Conductive Polymers – a type of organic material

Conductive Polymers – a type of organic material

Organic polymers that conduct electricity are known as conductive polymers or intrinsically conducting polymers (ICPs). These are a type of organic material that has electrical conductivity while preserving some of the characteristics of typical polymers, such as flexibility and simplicity of processing. These compounds may be metallic conductors or semiconductors.

The fundamental advantage of conductive polymers is their ease of processing, primarily by dispersion. Conductive polymers are not thermoplastics, which means they cannot be thermoformed. Because of its potential applications in different industries, such as electronics, sensors, and energy storage, these materials have gotten a lot of attention in the domains of materials science, chemistry, and electronics.

Here are some key points about conductive polymers:

  • Conductivity: Because they can transmit electricity, conductive polymers are unique among organic compounds. This conductivity is caused by the existence of delocalized π-electrons along the polymer backbone, which allows charge to flow.
  • Conjugated Structure: The conjugated structure of these polymers, where alternating single and double bonds form a network of overlapping π-orbitals, is the essential property that gives them electrical conductivity. This opens up a channel for electron migration, allowing for electrical conduction.
  • Doping: In their undoped, neutral form, conductive polymers are often insulating. Their conductivity, however, can be greatly boosted by a procedure known as “doping.” Doping is the introduction of dopant molecules or ions into the polymer structure, which results in the injection of charge carriers (either electrons or holes) and increases the conductivity of the polymer.


  • Organic Electronics: Conductive polymers have been used in organic electronic devices such as organic light-emitting diodes (OLEDs), organic solar cells, and organic field-effect transistors (OFETs).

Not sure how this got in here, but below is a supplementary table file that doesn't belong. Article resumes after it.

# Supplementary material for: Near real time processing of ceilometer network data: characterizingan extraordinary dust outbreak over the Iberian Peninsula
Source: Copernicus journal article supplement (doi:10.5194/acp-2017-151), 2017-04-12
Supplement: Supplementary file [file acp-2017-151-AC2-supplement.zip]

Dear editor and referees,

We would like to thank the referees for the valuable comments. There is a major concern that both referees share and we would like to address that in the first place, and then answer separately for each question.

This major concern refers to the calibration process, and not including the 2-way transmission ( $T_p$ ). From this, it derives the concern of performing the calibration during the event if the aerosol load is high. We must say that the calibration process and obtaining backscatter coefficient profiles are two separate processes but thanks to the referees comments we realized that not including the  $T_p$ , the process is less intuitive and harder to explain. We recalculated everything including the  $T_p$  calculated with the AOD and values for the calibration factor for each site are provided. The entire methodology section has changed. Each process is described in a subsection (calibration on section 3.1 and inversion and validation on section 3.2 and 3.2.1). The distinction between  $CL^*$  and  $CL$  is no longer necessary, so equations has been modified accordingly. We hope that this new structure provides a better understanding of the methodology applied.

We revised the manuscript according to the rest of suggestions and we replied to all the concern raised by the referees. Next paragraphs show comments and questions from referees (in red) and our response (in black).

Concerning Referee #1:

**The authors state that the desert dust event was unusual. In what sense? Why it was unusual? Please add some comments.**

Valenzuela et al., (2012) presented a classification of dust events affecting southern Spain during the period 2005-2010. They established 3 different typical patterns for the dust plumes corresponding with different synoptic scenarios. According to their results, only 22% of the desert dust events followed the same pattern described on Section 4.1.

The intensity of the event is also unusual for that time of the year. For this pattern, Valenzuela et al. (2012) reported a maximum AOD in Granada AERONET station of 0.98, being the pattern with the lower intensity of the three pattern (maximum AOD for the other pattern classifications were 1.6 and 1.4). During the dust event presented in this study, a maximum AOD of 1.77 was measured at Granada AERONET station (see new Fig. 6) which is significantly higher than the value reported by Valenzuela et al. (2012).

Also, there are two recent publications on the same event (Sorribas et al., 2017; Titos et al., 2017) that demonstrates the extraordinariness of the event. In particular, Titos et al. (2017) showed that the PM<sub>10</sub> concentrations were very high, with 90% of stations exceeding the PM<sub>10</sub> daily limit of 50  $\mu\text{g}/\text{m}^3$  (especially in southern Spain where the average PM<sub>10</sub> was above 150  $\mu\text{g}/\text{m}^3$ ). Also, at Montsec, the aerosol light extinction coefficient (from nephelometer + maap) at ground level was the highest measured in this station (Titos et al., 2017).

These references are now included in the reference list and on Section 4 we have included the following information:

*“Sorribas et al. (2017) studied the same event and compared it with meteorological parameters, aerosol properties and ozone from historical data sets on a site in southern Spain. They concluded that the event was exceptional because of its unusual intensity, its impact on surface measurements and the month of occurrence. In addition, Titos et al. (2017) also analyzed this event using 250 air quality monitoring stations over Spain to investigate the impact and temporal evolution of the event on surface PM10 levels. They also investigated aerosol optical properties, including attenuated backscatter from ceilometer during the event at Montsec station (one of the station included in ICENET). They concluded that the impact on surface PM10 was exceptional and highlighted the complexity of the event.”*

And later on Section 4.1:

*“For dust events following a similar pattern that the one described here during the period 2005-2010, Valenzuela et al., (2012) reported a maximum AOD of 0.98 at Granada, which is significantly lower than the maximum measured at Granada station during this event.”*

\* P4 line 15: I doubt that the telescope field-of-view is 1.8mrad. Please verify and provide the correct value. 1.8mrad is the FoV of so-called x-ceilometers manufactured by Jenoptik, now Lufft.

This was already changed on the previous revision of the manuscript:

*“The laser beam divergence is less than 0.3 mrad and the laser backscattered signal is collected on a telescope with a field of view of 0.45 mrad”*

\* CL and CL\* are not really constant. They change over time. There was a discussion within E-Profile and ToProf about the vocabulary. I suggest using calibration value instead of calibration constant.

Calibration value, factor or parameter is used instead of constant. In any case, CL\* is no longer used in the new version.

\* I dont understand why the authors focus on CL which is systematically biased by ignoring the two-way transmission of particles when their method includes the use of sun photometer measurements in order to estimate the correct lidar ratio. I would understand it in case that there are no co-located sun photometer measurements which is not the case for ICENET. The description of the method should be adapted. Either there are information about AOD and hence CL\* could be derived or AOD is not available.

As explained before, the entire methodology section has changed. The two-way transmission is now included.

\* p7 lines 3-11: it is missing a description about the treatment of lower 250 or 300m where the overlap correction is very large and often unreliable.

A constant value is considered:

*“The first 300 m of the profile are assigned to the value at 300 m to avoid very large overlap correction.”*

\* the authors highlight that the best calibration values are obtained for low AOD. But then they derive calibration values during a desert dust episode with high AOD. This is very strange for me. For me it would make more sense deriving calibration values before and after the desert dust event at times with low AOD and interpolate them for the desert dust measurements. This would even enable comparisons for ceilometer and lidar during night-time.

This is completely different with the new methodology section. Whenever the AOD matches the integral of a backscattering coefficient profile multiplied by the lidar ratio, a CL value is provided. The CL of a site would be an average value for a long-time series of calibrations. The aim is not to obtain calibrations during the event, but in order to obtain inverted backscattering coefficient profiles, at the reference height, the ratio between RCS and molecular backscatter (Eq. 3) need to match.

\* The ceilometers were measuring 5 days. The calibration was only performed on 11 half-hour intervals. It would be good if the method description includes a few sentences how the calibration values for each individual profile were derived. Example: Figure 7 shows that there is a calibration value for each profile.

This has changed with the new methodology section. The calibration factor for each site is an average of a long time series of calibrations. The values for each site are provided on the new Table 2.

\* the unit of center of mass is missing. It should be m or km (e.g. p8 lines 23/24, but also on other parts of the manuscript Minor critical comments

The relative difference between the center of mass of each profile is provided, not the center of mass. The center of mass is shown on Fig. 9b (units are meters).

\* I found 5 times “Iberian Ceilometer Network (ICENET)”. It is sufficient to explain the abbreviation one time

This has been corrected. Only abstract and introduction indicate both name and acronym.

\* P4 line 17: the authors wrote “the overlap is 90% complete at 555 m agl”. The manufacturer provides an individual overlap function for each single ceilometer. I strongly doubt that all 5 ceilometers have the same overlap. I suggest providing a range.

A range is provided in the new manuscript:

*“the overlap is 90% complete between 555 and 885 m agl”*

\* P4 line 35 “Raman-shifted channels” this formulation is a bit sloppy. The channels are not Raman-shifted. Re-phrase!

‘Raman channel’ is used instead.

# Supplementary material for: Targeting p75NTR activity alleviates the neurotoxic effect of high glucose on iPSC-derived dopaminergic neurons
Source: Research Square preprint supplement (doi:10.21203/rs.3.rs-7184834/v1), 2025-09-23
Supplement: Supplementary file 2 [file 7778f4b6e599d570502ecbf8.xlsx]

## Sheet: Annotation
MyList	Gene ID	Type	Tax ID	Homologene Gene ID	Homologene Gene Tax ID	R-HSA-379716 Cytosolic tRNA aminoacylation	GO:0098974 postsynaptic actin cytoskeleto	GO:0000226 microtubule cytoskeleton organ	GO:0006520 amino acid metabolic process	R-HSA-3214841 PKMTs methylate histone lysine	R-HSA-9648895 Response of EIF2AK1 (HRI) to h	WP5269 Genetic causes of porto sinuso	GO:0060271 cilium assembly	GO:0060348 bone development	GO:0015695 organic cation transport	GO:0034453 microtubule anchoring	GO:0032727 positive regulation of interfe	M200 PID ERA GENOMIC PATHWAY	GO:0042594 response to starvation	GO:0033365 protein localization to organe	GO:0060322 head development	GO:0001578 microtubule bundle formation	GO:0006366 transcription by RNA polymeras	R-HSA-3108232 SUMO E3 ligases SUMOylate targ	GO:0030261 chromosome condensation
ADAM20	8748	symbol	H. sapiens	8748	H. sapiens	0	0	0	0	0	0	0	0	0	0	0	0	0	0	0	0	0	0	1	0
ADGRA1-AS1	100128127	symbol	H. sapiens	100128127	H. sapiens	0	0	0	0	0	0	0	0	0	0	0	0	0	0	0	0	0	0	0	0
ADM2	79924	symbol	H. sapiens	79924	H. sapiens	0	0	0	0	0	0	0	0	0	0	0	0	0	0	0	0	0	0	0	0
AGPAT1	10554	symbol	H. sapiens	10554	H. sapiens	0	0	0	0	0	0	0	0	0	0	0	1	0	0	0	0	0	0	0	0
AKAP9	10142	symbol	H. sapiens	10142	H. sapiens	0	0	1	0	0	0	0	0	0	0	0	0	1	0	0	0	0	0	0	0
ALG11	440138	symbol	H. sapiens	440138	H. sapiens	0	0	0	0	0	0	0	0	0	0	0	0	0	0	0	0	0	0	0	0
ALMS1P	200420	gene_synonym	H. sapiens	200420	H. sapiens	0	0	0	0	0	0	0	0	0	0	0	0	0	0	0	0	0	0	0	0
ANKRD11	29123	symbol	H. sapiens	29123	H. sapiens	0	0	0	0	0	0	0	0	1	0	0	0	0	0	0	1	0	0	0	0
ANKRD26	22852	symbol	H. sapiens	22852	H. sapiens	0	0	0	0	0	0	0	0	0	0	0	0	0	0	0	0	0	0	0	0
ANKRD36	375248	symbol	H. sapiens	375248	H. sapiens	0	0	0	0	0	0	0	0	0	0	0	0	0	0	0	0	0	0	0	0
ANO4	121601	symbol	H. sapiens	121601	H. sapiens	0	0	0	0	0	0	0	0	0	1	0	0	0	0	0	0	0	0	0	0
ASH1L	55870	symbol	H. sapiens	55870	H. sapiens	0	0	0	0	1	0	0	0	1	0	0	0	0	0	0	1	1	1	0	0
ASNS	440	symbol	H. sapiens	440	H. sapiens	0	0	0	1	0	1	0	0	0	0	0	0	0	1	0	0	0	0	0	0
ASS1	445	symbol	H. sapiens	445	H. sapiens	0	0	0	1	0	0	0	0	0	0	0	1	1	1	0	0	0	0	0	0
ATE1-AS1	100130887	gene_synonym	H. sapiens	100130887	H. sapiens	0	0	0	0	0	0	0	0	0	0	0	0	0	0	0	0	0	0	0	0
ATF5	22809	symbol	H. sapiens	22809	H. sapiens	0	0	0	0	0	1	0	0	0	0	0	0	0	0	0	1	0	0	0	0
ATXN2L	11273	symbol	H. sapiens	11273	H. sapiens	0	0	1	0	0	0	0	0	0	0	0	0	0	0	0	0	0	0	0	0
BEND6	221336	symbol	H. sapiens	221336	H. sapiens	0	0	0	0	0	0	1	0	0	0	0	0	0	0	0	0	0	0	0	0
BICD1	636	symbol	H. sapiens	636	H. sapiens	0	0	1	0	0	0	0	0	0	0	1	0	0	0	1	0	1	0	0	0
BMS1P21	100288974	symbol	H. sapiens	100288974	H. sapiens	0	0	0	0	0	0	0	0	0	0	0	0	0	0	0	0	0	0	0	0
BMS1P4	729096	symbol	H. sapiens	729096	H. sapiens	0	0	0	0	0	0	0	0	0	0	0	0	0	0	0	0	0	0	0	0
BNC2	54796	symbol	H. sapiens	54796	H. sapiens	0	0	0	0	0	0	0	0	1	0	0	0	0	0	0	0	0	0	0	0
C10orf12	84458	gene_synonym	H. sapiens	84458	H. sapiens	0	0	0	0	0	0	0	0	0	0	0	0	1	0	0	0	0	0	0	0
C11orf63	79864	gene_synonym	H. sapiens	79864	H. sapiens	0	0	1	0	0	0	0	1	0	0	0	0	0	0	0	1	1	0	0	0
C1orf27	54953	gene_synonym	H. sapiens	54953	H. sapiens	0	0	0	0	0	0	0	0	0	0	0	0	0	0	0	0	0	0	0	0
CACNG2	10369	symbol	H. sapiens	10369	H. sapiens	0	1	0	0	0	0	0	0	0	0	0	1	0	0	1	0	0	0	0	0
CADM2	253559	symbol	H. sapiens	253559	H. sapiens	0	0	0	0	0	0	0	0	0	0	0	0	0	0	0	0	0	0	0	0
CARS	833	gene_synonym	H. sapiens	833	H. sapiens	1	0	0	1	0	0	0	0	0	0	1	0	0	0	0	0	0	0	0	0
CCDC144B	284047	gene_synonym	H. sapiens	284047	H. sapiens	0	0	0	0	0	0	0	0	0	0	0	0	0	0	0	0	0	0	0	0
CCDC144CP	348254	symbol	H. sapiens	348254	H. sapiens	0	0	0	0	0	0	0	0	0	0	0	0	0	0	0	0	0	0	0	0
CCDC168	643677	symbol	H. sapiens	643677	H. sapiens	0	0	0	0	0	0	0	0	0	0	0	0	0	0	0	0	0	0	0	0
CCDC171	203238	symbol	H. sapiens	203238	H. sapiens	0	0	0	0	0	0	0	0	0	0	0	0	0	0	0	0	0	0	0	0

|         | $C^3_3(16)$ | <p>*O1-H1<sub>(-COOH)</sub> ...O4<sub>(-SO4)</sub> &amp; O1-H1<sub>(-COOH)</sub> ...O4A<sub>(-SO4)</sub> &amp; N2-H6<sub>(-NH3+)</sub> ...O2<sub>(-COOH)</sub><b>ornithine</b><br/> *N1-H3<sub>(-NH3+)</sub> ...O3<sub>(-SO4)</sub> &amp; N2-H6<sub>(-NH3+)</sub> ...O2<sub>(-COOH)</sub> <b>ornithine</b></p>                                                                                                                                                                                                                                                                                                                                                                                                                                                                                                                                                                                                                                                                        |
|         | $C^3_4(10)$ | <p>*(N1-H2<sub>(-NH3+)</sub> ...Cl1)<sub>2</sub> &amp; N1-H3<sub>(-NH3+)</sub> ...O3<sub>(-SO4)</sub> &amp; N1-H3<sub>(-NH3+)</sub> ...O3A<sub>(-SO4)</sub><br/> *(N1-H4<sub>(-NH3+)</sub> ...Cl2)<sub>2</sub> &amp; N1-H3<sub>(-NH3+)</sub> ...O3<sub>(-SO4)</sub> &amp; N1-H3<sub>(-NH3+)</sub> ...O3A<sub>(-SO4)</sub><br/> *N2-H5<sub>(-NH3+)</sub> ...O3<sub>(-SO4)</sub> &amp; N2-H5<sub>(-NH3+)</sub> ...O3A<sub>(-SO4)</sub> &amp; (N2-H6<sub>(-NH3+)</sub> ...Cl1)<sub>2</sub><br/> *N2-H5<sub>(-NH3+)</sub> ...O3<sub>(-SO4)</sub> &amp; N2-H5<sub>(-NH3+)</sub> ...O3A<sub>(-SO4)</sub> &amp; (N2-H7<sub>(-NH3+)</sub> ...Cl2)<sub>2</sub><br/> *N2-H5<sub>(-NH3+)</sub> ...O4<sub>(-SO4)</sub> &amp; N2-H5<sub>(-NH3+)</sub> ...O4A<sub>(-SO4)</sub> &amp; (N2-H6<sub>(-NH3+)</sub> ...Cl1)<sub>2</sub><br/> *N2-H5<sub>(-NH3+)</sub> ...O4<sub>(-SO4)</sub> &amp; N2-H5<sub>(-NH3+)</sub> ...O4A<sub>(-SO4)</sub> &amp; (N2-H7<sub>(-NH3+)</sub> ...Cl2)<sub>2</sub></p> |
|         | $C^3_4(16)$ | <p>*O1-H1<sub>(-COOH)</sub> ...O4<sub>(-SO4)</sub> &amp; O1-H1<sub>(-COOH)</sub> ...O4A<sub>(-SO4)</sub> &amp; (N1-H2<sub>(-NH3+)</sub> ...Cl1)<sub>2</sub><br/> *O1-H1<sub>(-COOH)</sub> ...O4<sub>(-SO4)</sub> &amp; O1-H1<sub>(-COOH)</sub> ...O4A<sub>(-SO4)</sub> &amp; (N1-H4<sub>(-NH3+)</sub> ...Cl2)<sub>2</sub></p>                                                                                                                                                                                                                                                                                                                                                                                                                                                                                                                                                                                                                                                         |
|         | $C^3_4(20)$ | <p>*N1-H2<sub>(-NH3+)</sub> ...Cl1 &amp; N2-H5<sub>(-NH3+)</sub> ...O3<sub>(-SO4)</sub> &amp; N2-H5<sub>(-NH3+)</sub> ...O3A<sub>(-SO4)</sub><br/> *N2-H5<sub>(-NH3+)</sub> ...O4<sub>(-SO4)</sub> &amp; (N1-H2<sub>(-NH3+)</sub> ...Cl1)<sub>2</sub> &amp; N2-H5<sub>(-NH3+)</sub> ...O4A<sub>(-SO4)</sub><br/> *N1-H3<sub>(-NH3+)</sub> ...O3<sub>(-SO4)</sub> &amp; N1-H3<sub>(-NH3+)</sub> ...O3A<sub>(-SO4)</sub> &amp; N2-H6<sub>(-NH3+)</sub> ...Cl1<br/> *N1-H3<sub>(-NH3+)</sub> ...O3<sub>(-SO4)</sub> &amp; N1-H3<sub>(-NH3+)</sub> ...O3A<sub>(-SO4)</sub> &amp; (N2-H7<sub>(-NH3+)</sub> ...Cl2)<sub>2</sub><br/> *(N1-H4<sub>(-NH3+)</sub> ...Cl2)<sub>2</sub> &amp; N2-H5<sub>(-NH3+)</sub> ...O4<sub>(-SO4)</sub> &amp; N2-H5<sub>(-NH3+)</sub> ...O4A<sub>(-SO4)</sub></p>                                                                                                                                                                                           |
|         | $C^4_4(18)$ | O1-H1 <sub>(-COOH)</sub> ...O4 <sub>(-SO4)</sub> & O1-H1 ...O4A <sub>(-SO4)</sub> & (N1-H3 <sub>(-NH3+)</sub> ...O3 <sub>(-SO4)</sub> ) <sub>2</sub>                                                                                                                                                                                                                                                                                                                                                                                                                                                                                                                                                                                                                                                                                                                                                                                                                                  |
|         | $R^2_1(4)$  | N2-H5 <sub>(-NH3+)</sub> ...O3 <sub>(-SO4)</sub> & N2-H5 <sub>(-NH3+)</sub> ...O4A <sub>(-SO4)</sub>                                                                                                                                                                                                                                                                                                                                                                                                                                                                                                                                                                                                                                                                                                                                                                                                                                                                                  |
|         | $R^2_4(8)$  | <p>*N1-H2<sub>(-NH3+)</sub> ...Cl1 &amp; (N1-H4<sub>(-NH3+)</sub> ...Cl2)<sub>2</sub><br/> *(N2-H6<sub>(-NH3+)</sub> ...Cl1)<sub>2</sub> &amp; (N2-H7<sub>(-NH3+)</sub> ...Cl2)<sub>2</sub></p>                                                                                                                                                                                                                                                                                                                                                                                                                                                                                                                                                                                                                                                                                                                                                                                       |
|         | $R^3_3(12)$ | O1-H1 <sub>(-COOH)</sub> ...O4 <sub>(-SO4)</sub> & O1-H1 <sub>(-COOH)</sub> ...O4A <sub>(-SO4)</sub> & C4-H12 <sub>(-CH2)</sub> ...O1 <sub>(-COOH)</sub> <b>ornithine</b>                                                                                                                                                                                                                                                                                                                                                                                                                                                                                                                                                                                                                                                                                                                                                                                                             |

• Sensors: They are employed in various sensor applications, including chemical and biological sensors, where changes in conductivity can be correlated with specific analytes.
  • Batteries and Supercapacitors: Conductive polymers have been investigated for use in batteries and supercapacitors due to their ability to store and release charge efficiently.
  • Antistatic Coatings: They are used in antistatic coatings for materials susceptible to electrostatic discharge, such as electronics components.
  • Corrosion Protection: Conductive polymers can be applied as corrosion-resistant coatings in various industries.
  • Actuators: Some conductive polymers can exhibit mechanical responses to electrical stimuli, making them suitable for use in artificial muscles and actuators.


Some commonly studied conductive polymers include polyaniline (PANI), polypyrrole (PPy), polythiophene (PT), and polyacetylene (PA). Each of these polymers has unique electrical and chemical properties that make them suitable for different applications.


Despite their numerous advantages, conductive polymers have drawbacks such as instability in air and moisture, limited conductivity in comparison to metals, and problems in achieving exact control over their properties. Researchers are working hard to address these issues.

In conclusion, conductive polymers are an intriguing family of materials with numerous potential uses, particularly in the creation of flexible and lightweight electronic devices, sensors, and energy storage technologies. Ongoing research furthers our understanding of these materials and improves their performance in practical applications.